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Would the 737, going 160 knots, float a bit more before touching down?

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You fly final approach at the "reference speed" (Vref) for the flap setting which varies with weight. You will normally set up the reference speed for full flap on the speed bug on the speed tape on the primary flight displays, and on final while the autopilot flies the glide slope you will modulate thrust to hold the approach speed (or let the autothrottle do it if equipped).

For a given landing weight, the reference speed for full flap is worked out from the "speed book" or "speed cards" which the crew usually has handy on the center console. The airplane on short final with landing flap will be going at Vref, which is usually well below 160kt, typically between 110 and 150 kt for different airliners at different weights.

As you cross the end of the runway and pass through 50 ft, you should be at Vref. As you get close to the surface and start to flare to land, you reduce thrust to idle at some point (the technique varies with the airplane) and as you hold it off the speed will bleed off as you trade inertial energy for reduced sink rate in getting a gentle contact with the runway. In most jets you want to be at idle before touchdown, with exceptions.

So in the interval from when you started to flare and reduce thrust, and the actual touchdown occurs, you are coasting along, settling gently as you pitch up to trade inertial energy for reduced sink, with the speed bleeding off as you do so. At touchdown you will be below Vref, perhaps 10-20 kt. So if a 737s Vref for a given landing weight was some number like (wild guess) 135 kt, by the time it makes ground contact, depending on how much effort the pilot put into holding it off trying to get a gentle touchdown, it'll be doing perhaps 125-130 kt.

In any case, touchdown speed is always below the approach reference speed, unless the pilot just flies into the runway like a carrier landing, which will get lots of people excited.

160 kt on short final is pretty fast for most jets, but you could be going that fast if the flaps had failed while retracted or at an intermediate position and you had to use a higher approach speed (on the CRJ200, the reference speed with flaps failed fully retracted, which they do from time to time, is about 165 kt +/-). Same thing though; during the landing itself, the touchdown speed should be less than the final approach speed due to the energy conversion process of the flare and touchdown.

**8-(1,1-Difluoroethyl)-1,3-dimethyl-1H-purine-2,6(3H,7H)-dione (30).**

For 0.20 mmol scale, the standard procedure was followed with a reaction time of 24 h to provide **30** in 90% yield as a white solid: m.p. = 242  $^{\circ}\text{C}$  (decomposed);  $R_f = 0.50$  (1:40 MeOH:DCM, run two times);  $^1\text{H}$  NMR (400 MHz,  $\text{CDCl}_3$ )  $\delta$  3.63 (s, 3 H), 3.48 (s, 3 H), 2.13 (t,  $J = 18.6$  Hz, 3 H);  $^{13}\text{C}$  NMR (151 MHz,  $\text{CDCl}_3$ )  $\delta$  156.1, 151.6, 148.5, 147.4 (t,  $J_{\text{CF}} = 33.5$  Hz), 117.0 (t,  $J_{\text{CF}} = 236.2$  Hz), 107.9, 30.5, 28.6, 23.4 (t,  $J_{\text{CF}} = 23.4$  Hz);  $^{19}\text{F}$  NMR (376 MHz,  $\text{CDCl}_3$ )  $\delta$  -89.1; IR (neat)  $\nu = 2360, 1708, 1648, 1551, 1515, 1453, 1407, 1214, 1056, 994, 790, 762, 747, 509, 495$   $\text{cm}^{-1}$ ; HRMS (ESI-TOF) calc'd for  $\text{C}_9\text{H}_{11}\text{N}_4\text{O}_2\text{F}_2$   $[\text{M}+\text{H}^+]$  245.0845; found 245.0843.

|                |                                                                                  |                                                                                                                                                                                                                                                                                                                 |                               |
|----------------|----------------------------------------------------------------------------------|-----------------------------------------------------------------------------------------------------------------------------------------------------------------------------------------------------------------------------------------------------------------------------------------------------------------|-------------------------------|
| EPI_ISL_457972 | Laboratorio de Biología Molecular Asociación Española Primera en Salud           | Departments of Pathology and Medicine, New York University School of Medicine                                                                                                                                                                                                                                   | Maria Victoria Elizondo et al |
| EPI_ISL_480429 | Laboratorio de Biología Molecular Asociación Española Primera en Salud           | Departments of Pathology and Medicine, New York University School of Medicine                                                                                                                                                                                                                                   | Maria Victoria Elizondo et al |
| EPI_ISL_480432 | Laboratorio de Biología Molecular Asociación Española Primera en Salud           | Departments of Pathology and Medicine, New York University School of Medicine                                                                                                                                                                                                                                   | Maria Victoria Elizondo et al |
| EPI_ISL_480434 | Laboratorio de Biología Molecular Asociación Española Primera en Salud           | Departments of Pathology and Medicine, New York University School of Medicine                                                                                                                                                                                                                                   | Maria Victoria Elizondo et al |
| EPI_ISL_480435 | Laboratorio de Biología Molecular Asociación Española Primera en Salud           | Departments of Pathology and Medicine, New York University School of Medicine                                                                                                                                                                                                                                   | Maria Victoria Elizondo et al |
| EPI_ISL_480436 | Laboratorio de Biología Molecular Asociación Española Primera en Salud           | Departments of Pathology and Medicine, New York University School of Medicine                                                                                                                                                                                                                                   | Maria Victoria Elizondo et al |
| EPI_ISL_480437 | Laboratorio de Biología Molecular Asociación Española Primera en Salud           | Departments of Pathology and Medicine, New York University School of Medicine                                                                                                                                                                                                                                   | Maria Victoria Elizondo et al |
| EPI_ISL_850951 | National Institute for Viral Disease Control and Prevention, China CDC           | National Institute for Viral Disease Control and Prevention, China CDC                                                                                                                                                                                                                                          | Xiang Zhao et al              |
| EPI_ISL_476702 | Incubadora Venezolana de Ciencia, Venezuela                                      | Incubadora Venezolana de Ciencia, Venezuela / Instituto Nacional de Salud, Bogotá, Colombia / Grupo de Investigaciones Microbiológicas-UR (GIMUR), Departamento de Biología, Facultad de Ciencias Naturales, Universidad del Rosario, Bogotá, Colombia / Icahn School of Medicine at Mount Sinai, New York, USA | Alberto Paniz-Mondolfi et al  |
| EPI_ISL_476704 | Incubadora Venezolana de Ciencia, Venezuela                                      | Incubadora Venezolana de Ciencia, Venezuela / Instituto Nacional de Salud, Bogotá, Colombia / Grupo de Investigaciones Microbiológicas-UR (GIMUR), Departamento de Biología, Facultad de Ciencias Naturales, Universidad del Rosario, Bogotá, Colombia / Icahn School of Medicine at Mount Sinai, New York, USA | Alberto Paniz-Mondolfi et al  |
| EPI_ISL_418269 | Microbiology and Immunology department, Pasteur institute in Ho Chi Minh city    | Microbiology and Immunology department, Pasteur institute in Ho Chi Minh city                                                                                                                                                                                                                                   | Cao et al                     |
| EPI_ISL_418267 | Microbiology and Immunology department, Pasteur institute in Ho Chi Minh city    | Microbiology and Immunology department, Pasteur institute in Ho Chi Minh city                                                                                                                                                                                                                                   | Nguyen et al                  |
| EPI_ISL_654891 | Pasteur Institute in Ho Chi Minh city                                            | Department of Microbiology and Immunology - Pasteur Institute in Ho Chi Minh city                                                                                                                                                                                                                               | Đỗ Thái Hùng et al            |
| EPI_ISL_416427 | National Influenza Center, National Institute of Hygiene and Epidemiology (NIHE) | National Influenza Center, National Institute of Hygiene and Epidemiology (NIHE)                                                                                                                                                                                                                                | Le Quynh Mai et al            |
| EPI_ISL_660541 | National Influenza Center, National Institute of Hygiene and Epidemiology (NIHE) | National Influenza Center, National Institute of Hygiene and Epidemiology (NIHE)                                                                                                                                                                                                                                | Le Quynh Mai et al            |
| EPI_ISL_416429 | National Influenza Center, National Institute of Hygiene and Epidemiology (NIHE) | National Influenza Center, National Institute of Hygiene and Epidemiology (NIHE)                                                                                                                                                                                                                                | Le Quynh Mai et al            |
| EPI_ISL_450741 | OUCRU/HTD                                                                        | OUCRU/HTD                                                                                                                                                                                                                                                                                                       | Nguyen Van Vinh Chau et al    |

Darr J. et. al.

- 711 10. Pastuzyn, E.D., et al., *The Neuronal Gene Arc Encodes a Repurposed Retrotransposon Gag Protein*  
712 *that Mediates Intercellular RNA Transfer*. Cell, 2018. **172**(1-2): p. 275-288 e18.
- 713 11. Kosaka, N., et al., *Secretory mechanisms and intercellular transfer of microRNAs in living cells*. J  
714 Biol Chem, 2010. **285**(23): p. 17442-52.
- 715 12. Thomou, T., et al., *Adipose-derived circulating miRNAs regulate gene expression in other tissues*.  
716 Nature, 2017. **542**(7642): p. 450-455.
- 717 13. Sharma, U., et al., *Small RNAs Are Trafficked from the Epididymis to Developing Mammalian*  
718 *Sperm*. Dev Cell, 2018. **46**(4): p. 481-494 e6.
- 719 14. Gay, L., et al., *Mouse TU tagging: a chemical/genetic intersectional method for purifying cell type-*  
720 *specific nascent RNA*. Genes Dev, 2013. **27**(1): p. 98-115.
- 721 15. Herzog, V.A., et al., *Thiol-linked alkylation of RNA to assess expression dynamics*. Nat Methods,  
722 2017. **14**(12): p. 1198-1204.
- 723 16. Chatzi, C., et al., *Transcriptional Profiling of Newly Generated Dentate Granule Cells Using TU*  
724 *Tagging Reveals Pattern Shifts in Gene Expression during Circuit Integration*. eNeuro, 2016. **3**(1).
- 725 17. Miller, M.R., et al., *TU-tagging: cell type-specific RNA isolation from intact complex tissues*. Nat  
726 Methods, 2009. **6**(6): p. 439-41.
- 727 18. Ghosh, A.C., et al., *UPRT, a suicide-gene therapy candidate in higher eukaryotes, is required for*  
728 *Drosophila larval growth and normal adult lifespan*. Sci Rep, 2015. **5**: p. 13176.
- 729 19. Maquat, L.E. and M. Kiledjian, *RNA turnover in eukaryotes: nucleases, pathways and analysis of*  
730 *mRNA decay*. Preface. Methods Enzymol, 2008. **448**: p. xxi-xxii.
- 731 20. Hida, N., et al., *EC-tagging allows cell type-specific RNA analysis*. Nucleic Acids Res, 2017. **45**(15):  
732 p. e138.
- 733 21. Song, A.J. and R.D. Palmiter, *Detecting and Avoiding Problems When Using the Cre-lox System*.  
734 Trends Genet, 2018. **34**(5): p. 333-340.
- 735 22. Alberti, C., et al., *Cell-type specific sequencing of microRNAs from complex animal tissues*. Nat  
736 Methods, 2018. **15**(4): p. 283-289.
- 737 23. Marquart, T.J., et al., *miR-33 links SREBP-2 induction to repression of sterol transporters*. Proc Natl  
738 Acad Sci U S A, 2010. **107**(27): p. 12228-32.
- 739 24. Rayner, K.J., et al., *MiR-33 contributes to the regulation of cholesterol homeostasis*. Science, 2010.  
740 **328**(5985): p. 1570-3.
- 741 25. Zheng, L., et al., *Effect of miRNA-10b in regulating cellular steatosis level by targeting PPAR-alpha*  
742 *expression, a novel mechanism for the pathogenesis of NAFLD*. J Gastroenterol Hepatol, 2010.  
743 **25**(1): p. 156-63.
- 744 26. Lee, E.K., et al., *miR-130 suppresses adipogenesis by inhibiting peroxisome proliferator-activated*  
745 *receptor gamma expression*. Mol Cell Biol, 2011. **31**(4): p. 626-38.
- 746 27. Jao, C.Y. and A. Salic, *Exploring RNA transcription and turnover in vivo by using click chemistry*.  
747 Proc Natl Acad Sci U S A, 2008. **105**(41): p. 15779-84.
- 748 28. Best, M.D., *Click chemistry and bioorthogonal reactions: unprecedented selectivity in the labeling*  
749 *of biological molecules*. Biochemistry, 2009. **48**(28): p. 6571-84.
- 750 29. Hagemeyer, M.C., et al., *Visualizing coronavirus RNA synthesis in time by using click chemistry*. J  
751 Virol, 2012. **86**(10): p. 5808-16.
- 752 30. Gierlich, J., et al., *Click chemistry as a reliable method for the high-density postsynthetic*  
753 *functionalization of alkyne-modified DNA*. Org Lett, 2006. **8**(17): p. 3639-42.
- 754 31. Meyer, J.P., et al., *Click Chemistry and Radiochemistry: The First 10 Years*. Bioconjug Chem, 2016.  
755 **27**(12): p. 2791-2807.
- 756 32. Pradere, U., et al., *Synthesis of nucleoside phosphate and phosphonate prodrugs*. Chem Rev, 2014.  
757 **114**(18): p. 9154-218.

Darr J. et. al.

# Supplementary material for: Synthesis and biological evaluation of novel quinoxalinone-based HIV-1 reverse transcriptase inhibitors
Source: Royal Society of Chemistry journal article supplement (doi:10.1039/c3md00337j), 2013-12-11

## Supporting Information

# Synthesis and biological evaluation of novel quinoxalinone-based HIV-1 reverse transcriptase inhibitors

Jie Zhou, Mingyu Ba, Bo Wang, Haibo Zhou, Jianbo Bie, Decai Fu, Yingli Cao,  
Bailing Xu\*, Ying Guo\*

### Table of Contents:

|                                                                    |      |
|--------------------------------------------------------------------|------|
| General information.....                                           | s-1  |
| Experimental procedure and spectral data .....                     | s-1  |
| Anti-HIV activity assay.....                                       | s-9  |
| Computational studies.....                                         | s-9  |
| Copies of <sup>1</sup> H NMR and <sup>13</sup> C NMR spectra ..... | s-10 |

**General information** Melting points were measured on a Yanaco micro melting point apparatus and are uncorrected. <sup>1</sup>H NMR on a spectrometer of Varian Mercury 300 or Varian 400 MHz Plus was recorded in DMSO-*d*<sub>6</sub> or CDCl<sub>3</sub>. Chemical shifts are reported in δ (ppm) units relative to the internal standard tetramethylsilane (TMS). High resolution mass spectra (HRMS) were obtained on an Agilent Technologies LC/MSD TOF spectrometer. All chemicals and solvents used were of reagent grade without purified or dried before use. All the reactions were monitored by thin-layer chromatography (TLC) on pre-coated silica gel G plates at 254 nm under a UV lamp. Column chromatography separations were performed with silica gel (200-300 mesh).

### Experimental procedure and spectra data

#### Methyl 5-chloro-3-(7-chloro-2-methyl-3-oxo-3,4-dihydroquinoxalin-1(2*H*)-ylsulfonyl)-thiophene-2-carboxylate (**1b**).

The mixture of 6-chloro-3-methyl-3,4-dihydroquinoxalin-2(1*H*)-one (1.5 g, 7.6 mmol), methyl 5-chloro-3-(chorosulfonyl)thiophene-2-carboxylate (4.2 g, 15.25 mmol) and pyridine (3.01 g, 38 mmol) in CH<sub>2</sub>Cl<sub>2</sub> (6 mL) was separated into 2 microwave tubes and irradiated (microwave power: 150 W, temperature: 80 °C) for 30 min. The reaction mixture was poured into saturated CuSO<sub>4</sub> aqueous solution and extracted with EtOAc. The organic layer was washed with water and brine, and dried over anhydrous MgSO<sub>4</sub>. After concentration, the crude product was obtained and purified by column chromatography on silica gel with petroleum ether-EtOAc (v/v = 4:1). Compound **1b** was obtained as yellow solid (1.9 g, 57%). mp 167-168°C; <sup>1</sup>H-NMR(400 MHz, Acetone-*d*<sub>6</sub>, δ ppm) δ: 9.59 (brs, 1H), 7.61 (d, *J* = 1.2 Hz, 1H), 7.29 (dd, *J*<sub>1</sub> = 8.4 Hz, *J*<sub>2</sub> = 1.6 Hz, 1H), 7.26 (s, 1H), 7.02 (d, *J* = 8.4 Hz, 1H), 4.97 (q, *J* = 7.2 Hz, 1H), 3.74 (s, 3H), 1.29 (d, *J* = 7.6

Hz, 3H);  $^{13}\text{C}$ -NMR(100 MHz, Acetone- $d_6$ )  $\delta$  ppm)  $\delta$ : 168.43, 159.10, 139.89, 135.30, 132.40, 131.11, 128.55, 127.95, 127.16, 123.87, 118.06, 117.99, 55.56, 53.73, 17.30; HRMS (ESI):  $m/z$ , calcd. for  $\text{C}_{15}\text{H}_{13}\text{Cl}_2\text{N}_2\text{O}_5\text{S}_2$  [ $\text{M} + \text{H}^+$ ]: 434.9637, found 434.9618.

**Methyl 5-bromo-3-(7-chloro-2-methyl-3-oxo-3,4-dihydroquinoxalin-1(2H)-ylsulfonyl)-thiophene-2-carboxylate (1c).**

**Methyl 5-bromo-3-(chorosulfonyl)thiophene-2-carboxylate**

If your reference speed was 140 kt and you crossed the threshold at 160, yes you would float quite a bit if you used normal landing technique. You would also get sent for remedial training. If you tried to drive it on at that excessive speed, there is a good chance you would have nose wheel contact first (called a wheelbarrow), which would get people even more excited.

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Yes, if spoilers are deployed. True to their name, spoilers reduce the amount of lift a wing produces at a given speed and AOA. They also help slow the plane down by adding drag.

Although "ground effect" will contribute to "floating", flaps, slats, and spoilers, essentially speed brakes, all help slow the plane down enough to land.

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  • $\begingroup$ Hmmm... langing with spoilers deployed hardly is SOP, but as an answer I guess this would be viable. As a landing technique, not so much. $\endgroup$ – Jpe61 Sep 21 at 5:10
  • $\begingroup$ It is theoretically possible, and spoilers, like flaps, could be applied in increments. They basicly make the wing "smaller", so you need either more speed or more AOA for the same amount of lift, as well as adding drag. John K's description of a hapless airliner "wheelbarrowing" in at excessively low AOA would not be a good day. In smaller aircraft this leads to "porpoising", in a larger one it could completely collapse the nose gear. $\endgroup$ – Robert DiGiovanni Sep 21 at 9:21

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